Allegations of vote tampering and fraud hover over Iraq’s elections following an intelligence investigation of the electronic machines used in voting. Several candidates have filed appeals. Multi-ethnic (and oil-rich) Kirkuk is among the disputed areas. An electoral commission is set to examine reports and documents related to the electoral process.
Baghdad (AsiaNews/Agencies) – The Iraqi authorities said that they are prepared to re-examine the whole electoral process that led, on 12 May, to the victory of radical Shia leader Moqtada al-Sadr and his populist anti-regime movement.
The decision follows allegations of fraud, irregularities and tampering with the electronic voting machines that might have changed the final results.
Two weeks after the polls, the outgoing government of Prime Minister Haider al-Abadi – backed by the international community – held a special cabinet ministers to analyse the election’s outcome and claims of electoral fraud.
The Iraqi Supreme Court has not yet formally ratified the election results and some lawmakers have called for the dissolution of the Independent High Electoral Commission.
There is a broad view that the vote was manipulated, especially in Kurdistan, where some local parties have threatened to boycott the political process if the vote is not cancelled.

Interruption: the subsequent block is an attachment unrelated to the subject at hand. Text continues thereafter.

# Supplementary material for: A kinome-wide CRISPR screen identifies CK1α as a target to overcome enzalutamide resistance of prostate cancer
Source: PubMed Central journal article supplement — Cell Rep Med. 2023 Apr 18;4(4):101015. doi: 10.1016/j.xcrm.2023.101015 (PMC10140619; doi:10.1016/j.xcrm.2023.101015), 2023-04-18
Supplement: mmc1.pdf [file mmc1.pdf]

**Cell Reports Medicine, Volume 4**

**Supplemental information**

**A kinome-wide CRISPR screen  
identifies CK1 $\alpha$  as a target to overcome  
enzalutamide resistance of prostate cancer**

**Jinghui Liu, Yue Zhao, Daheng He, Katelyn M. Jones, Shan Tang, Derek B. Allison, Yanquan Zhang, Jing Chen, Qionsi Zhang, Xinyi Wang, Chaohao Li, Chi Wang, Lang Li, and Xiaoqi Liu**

In Parliament, a government representative said that the intelligence services tested some of the electronic voting machine, raising questions about possible manipulation in favour or against various parties.
On the basis of early findings, the cabinet met with the top officials in the ministries of justice and security. They also decided “to set up a commission of investigation to examine reports, documents and information related to the election,” Prime Minister al-Abadi said.
At the end of the inquiry, the Commission will present its conclusions "to the Government, the Supreme Judicial Council, the Supreme Court and the Electoral Administrative Court” who will be tasked with "taking the necessary measures while respecting each one's skills and fields".
However, it is unclear how soon the newly-created body will complete its work. Overall, the impact could range from changes to local results to (worst case scenario) the cancellation of the election itself.
So far, only a few checks have been carried out at a local level, in particular, in the oil-rich multi-ethnic area of Kirkuk, which has been claimed by both Arabs and Kurds, and where most complaints have been filed. Interethnic clashes have led to the imposition of a curfew
The electoral commission now has to examine each appeal, but this will not prevent negotiations for the formation of the new government.
In short, the various factions are working behind the scenes to form a new government, which will be burdened by accusations and appeals that might invalidate the whole process.